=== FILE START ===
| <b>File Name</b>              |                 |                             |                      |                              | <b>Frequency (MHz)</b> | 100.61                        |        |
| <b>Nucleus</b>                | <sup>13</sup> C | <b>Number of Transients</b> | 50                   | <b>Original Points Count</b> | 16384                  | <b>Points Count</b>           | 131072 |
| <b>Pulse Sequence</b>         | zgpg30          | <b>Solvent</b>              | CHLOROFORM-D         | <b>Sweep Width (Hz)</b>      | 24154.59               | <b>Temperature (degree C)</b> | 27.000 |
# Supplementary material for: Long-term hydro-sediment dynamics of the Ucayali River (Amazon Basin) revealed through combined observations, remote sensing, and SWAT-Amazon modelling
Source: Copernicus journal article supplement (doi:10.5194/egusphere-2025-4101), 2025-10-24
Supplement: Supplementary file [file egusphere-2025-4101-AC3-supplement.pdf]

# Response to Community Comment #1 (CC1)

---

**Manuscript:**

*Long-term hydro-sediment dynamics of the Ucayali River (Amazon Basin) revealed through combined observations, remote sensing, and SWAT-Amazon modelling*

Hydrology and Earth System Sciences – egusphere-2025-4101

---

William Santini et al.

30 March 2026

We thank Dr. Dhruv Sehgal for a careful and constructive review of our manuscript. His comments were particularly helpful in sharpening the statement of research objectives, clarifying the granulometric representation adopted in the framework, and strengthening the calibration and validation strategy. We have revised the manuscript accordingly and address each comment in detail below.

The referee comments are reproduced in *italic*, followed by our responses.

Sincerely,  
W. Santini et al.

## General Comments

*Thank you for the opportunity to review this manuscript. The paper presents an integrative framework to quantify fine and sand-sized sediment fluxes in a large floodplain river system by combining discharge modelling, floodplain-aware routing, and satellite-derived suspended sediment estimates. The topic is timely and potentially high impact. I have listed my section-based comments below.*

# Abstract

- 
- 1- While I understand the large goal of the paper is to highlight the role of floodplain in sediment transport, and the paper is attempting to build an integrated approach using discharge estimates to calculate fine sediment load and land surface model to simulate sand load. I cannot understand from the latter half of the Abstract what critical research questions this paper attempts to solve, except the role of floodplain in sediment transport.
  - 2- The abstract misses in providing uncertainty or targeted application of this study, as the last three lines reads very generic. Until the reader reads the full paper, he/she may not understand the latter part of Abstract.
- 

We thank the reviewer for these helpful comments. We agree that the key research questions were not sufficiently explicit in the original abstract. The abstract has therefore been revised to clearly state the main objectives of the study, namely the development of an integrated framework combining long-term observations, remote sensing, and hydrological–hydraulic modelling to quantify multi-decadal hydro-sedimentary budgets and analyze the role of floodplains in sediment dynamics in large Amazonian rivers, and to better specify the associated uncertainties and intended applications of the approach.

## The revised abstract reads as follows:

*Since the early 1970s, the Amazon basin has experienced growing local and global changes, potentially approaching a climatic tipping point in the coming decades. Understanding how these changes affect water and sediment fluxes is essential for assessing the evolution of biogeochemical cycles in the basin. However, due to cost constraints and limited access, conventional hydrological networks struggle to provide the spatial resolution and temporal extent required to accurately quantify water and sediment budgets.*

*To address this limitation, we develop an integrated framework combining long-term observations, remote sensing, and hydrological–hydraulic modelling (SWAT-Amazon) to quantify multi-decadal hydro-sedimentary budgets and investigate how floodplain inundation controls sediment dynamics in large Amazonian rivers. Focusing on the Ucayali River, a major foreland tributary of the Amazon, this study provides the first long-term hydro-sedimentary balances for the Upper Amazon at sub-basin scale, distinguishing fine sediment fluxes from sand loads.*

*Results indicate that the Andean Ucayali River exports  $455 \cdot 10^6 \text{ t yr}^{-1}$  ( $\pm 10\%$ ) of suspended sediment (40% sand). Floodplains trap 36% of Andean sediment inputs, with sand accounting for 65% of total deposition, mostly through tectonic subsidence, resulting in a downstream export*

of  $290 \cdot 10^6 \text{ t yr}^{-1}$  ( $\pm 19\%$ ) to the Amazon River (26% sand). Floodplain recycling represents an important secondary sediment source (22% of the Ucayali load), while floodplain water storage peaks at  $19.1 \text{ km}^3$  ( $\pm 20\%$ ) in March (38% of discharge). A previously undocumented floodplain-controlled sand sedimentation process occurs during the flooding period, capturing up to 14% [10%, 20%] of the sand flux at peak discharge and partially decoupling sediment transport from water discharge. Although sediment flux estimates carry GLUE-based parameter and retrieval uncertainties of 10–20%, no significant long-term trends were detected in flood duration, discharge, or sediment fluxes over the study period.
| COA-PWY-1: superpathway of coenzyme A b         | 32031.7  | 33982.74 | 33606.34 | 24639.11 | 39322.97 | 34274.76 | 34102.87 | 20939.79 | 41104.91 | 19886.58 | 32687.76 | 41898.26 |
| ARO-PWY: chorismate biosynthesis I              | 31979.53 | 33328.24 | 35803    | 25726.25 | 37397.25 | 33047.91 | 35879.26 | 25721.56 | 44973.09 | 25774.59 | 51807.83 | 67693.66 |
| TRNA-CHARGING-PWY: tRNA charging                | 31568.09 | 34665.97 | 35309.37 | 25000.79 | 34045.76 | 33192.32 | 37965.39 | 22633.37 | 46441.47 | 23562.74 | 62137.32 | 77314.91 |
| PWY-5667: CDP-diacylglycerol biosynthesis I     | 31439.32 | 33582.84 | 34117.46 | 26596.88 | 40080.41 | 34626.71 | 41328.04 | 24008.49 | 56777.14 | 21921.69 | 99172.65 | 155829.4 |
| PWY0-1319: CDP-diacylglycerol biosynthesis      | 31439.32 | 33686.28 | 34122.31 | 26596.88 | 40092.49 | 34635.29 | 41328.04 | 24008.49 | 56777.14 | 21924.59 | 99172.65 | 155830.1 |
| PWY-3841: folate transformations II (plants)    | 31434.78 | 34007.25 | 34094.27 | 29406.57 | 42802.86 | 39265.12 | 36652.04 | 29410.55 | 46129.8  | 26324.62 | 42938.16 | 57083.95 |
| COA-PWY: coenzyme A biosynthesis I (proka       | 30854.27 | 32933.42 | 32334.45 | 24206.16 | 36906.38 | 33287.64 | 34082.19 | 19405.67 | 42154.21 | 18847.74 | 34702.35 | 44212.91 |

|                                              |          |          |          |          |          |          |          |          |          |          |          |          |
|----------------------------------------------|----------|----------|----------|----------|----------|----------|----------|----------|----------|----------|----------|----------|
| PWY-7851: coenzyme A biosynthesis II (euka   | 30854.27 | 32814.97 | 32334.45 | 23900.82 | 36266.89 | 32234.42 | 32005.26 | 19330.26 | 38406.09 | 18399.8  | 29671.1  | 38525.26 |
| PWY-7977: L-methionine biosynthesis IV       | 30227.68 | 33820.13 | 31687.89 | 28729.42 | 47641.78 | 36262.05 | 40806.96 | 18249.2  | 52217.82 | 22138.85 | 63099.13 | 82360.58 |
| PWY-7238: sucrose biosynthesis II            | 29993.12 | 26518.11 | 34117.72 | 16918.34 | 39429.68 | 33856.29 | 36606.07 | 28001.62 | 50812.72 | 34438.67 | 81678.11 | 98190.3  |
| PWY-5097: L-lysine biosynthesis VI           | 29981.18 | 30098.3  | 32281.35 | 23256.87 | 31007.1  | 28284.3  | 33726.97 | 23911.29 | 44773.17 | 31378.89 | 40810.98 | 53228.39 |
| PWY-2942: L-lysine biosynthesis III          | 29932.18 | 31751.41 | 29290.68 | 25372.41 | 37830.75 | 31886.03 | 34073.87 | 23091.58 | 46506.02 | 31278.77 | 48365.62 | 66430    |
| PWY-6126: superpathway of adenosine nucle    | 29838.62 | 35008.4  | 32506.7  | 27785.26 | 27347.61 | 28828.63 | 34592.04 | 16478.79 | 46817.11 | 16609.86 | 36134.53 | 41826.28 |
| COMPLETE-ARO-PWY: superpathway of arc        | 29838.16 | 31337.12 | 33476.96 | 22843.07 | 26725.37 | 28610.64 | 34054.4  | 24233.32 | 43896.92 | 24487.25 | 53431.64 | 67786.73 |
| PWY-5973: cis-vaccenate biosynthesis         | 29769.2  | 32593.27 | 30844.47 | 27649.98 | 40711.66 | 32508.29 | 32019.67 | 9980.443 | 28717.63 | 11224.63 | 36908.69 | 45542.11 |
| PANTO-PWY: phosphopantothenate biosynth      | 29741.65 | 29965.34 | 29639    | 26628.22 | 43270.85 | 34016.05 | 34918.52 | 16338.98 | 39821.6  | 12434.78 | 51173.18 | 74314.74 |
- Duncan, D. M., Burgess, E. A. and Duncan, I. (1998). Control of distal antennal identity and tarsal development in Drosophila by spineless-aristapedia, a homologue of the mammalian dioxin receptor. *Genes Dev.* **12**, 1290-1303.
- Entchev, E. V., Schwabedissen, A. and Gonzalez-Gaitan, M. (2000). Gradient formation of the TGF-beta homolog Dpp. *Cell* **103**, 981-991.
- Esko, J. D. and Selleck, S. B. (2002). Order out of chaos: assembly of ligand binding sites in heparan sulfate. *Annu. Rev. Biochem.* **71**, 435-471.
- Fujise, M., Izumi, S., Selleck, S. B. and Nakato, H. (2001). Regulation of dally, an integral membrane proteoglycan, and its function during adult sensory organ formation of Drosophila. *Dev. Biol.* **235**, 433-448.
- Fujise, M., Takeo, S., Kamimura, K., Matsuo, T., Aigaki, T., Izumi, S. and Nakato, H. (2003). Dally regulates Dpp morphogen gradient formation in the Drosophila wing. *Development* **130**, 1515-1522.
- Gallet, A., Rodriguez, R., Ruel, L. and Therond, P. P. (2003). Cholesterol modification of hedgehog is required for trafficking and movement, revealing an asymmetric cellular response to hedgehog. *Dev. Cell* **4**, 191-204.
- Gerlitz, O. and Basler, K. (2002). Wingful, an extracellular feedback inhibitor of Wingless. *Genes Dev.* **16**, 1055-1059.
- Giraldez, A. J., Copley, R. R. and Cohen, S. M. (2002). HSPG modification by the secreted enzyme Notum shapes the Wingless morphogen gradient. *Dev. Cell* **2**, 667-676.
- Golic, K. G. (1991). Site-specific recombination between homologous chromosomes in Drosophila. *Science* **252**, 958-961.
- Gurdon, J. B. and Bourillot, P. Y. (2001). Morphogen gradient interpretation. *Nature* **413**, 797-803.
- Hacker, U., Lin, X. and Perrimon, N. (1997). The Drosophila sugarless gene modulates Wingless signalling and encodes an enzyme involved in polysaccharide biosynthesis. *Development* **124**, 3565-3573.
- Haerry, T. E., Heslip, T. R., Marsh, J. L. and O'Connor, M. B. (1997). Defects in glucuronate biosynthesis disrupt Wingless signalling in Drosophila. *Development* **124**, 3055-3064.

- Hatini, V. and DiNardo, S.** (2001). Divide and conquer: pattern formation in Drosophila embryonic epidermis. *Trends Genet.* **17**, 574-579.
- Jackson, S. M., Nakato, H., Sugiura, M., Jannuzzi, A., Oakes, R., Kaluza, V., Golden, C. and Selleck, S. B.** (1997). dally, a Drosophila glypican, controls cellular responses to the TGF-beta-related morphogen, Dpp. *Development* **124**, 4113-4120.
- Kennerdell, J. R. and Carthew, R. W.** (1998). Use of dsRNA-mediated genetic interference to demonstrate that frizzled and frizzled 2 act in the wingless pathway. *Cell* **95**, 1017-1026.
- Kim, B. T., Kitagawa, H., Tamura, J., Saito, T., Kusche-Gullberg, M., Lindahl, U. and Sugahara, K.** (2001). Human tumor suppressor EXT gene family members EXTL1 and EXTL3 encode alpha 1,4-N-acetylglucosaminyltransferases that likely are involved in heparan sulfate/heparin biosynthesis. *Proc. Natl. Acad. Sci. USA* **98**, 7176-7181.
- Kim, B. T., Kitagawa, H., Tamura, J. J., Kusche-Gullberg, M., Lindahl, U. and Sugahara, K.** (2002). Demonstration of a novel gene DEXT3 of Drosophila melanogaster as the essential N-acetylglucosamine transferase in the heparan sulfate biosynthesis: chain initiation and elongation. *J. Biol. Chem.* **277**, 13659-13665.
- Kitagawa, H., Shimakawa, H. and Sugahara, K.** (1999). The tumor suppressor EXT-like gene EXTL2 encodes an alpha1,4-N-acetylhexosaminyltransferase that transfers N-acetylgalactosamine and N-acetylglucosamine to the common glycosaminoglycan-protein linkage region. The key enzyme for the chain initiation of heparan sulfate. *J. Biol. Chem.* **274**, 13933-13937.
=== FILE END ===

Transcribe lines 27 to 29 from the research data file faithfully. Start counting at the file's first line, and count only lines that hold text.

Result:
## The revised abstract reads as follows:

*Since the early 1970s, the Amazon basin has experienced growing local and global changes, potentially approaching a climatic tipping point in the coming decades. Understanding how these changes affect water and sediment fluxes is essential for assessing the evolution of biogeochemical cycles in the basin. However, due to cost constraints and limited access, conventional hydrological networks struggle to provide the spatial resolution and temporal extent required to accurately quantify water and sediment budgets.*

*To address this limitation, we develop an integrated framework combining long-term observations, remote sensing, and hydrological–hydraulic modelling (SWAT-Amazon) to quantify multi-decadal hydro-sedimentary budgets and investigate how floodplain inundation controls sediment dynamics in large Amazonian rivers. Focusing on the Ucayali River, a major foreland tributary of the Amazon, this study provides the first long-term hydro-sedimentary balances for the Upper Amazon at sub-basin scale, distinguishing fine sediment fluxes from sand loads.*